It’s interesting to look back on all the progress that has been made in the LGBTQ community in the 10 years since the trailblazing Showtime drama The L Word went off the air. From the legalization of same-sex marriage to the first openly gay politicians, a lot has changed for the better in the past decade (though clearly, there is a lot that still needs to improve as well).
With a new generation coming of age and coming out under very different circumstances, it’s a great time to revisit The L Word universe. Showtime’s new series The L Word: Generation Q brings back some of the characters from the show’s original run, while introducing a new cast that better reflects the changes in culture.
Returning castmembers include Jennifer Beals as Bette Porter, who is now running for mayor of Los Angeles while raising her 16-year-old daughter Angie; Katherine Moeninig as Shane McCutcheon, who is moving back to L.A. after cashing in on her successful salons; and Leisha Hailey as Alice Pieszecki, who is now a popular late night talk show host. The chemistry between the three old friends remains strong and 10 years on from The L Word finale, it’s interesting to see them dealing with more mature issues, like how to balance their family and careers.
The new characters are also trying to navigate their professional and personal lives, with mixed success. Arienne Mandi plays Dani Nunez, a sharp PR Exec who is grappling with her father’s influence on her life; Rosanny Zayas plays her girlfriend Sophie Suarez, a producer on Alice’s show; Jacqueline Toboni is Sarah Finley, Sophie’s carefree co-worker; and Leo Sheng plays Michah Lee, the group’s sweet-natured but shy friend.
Like its predecessor, The L Word: Generation Q is melodramatic while remaining grounded; although certain plot points and connections feel highly contrived, those moments are balanced out by elements that feel unforced and naturalistic. Dani and Sophie’s relationship, for example, has an authentic energy and Toboni perfectly exudes the wide-eyed sense of wonder endemic to young people in California.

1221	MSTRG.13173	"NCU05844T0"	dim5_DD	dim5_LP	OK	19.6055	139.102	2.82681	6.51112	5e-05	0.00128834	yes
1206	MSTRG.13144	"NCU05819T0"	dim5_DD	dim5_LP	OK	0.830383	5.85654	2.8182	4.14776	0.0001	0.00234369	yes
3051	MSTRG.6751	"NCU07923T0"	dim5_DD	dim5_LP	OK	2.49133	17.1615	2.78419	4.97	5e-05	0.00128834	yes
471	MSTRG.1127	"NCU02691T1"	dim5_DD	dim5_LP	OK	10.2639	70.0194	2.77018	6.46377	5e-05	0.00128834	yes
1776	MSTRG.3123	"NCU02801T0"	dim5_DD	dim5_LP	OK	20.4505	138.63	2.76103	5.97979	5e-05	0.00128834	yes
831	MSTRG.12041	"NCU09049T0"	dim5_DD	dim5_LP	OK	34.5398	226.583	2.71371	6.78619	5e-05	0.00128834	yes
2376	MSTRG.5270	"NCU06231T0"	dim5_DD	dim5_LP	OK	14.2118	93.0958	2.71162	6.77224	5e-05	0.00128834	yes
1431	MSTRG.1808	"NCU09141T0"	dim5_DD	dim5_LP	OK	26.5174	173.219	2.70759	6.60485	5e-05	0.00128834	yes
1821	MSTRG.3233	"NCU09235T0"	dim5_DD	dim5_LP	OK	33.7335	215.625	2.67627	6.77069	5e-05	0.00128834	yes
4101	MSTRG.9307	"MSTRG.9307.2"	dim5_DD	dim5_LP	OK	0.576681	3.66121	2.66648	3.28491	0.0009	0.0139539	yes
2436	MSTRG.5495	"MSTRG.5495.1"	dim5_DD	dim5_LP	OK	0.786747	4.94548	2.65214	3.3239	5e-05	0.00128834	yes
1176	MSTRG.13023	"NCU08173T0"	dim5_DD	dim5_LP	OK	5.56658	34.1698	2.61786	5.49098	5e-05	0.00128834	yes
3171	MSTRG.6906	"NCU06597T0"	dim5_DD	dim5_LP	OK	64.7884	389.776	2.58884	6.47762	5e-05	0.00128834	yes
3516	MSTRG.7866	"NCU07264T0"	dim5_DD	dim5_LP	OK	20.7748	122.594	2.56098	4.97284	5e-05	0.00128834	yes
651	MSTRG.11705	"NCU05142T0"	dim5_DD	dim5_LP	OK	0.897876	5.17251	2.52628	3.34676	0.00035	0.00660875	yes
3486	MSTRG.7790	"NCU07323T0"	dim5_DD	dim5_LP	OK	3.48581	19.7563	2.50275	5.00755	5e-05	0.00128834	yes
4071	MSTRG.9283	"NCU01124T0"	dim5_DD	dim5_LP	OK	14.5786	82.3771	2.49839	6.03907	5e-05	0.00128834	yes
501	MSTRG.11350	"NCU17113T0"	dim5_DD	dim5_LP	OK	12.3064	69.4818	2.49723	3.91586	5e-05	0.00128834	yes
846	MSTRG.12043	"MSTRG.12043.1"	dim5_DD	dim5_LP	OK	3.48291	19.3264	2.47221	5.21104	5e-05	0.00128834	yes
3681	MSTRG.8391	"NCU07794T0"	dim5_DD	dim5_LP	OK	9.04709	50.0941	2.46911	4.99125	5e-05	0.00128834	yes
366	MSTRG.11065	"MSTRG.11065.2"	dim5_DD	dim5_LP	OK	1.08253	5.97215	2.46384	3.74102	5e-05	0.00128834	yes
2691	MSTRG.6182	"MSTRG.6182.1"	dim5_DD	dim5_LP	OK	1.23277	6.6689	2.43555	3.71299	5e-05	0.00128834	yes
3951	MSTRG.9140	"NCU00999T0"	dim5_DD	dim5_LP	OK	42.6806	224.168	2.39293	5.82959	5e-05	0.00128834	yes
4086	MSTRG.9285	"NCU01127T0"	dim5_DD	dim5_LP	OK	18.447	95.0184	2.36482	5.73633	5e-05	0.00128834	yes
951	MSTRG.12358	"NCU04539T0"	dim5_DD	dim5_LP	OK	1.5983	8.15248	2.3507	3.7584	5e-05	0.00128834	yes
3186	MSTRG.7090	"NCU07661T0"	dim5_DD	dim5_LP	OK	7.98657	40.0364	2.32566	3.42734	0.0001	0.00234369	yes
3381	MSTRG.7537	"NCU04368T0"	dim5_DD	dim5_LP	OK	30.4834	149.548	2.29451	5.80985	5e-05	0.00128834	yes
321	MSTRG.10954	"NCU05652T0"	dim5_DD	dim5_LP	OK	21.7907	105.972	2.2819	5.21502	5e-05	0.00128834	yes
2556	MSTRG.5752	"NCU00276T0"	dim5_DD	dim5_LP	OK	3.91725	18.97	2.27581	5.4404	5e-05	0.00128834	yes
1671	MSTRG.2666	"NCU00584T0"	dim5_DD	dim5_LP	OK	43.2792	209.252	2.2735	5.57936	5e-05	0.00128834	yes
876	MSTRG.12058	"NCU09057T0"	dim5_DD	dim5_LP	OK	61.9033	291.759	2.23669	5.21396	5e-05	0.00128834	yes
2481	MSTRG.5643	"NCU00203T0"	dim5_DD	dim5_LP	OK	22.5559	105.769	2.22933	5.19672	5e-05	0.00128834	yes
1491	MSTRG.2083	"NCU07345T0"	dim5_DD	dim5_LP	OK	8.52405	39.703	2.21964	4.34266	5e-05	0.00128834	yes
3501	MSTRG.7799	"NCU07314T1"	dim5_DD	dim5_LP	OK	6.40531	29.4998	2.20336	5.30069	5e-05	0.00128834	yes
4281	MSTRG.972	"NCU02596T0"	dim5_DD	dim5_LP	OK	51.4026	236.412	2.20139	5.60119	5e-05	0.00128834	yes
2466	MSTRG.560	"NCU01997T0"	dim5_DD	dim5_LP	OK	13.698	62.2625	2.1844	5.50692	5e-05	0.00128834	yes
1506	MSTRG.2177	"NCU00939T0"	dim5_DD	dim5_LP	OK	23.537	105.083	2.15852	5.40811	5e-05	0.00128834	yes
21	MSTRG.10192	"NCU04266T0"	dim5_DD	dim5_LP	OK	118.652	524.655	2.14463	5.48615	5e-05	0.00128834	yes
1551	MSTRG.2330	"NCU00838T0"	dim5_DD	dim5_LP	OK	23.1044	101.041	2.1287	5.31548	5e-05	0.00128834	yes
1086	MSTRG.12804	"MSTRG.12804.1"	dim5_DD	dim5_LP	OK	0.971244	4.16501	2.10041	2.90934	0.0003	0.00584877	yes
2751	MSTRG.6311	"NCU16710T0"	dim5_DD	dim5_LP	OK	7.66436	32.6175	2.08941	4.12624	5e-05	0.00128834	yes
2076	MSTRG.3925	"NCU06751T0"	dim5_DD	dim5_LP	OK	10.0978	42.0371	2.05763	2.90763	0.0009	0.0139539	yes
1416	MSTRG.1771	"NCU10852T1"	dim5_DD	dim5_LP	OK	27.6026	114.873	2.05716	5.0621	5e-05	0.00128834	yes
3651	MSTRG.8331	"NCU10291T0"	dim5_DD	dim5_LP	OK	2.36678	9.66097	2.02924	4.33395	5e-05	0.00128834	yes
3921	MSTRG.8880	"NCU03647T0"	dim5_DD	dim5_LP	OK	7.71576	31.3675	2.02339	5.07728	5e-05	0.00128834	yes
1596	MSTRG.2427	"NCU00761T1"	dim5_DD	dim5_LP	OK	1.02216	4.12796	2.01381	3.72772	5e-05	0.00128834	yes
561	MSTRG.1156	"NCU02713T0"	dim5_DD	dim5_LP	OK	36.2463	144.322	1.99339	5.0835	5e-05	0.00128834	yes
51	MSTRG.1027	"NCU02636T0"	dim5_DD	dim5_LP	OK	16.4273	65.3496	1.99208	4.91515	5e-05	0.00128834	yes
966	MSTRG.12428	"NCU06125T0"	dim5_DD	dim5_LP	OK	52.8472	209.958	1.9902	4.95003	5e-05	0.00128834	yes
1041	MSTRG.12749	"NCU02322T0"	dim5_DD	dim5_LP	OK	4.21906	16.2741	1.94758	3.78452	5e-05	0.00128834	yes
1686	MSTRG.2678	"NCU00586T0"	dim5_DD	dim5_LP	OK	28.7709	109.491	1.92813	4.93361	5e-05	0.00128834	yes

Showtime’s other new Sunday night series, Work in Progress, is nothing short of phenomenal. Abby McEnany plays Abby, a 45-year-old who describes herself to her therapist as a “fat, queer dyke” and is planning to kill herself in 180 days if life doesn’t improve. Then her therapist dies. In front of her. Right as she’s made this confession.
This is a SUPER dark foundation to build a comedy series on, and yet the pilot episode of Work in Progress is genuinely hilarious. It’s one of those shows that takes a basic comedic premise — Abby running into SNL’s Julia Sweeney, whose androgynous character Pat was the bane of Abby’s life in the ‘90s — and stretches it in unexpected and poignant directions.
It also tackles gender identity in a way that feels almost unprecedented. As Abby begins a relationship with a much younger trans man, the two explore their identities and age differences from a place of compassionate curiosity. Thanks to McEnany’s deadpan, dry delivery and the show’s strong writing, it’s deeply funny rather than mean-spirited or pandering.
Like watching a tightrope walker juggle bowling pins, Work in Progress could go wrong in so many ways, it’s almost miraculous that it pulls off its trick. If The L Word: Generation Q is a welcome trip back to a familiar neighborhood, Work in Progress is the show that now feels groundbreaking. Like the LGBTQ community, it shows there’s still room to grow.
Tune into Showtime on Sunday, Dec. 8 at 10pm ET for the premiere of The L Word: Generation Q, followed by Work in Progress at 11pm ET.